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Choosing the Right On-Board Air
Inflating Tires on the Trail
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As 4x4 owners, we put a great deal of thought into the parts we install on our vehicles, perhaps none more so than our tires. For instance, if you have a Wrangler dedicated to weekend rock crawling you might consider a set of Pro Comp Xtreme MT2's for their durability and aggressive tread design, but if your trail runner is also a daily driver and you live where it snows, you're more likely to opt for the Nitto Terra Grappler for their blend of all-terrain traction and quiet on-road riding, as well as excellent traction in snowy or wet conditions. The best tire for you depends entirely on how and where you'll be using them - and the right kind of on-board air is no different.
No truck, Jeep or SUV is fully prepared for a weekend of off-roading without backup air for reinflating tires. Often, it's necessary for airing tires back up to highway-safe psi levels after having aired them down to increase traction on a tough trail and it's also a lifesaver if you get a flat on the trail. There are many options for on-board air systems and choosing one isn’t easy. That’s why we've put together this general guide to trail air. Of course, the system which works best for you will depend on your personal preferences, what your vehicle is used for most and restrictions like available space and cost.
There are a wide variety of portable air compressors for trucks, Jeeps and SUVs and they can be used for airing up tires and activating lockers, among other things.
- Draws power from a battery, so can be run while the vehicle is off.
- Easily portable and can be interchanged between vehicles, such as your tow rig and trail rig.
- With a stand-along tank, can be used to power air tools.
- Need to be cautious about running down the battery supply.
- Depending on system and tire size, can take several minutes to fill each tire.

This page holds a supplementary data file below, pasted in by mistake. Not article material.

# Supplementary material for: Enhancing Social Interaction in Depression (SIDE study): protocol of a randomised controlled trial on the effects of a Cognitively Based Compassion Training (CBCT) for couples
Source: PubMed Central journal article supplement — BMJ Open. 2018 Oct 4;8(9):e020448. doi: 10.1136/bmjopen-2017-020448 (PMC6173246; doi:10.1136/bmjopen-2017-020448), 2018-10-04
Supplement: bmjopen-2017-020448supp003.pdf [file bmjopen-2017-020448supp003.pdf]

- Becomes very hot during use.
Engine-driven compressors are often mounted under the hood of a vehicle and, as the name suggests, are powered by the engine.
- Runs directly off the vehicle’s engine, so there is no concern of running out of air or draining the battery.
- With a tank, can be used to run air tools
- Never left behind because it is installed directly to your rig.
- The vehicle must be running for the compressor to function, as it draws power from the engine.
- Inflation can take several minutes per tire, depending on psi and tire size.
- Initial installation can be time-consuming.
- Cannot be transported between vehicles.
- Becomes very hot during use.
CO2 tanks store air in liquid form, allowing for a greater volume of air in a smaller space.
- Easily transportable for use between vehicles.
- The cold-operation system does not heat up when in use.
- Can power air tools without a stand-along tank.
- Does not need a power system, so can be run while the vehicle is off without draining the battery.
- Fills tires very rapidly.
- Has a limited supply of CO2, which can only be filled from empty (cannot be ‘topped off’) and only at certain locations, such as paintball shops.
- CO2 is a “dirty gas” which will clog air tools over time.
- Compared to a standalone compressor, they take up a lot of space.
Rachel Bowes is 4 Wheel Parts wordsmith
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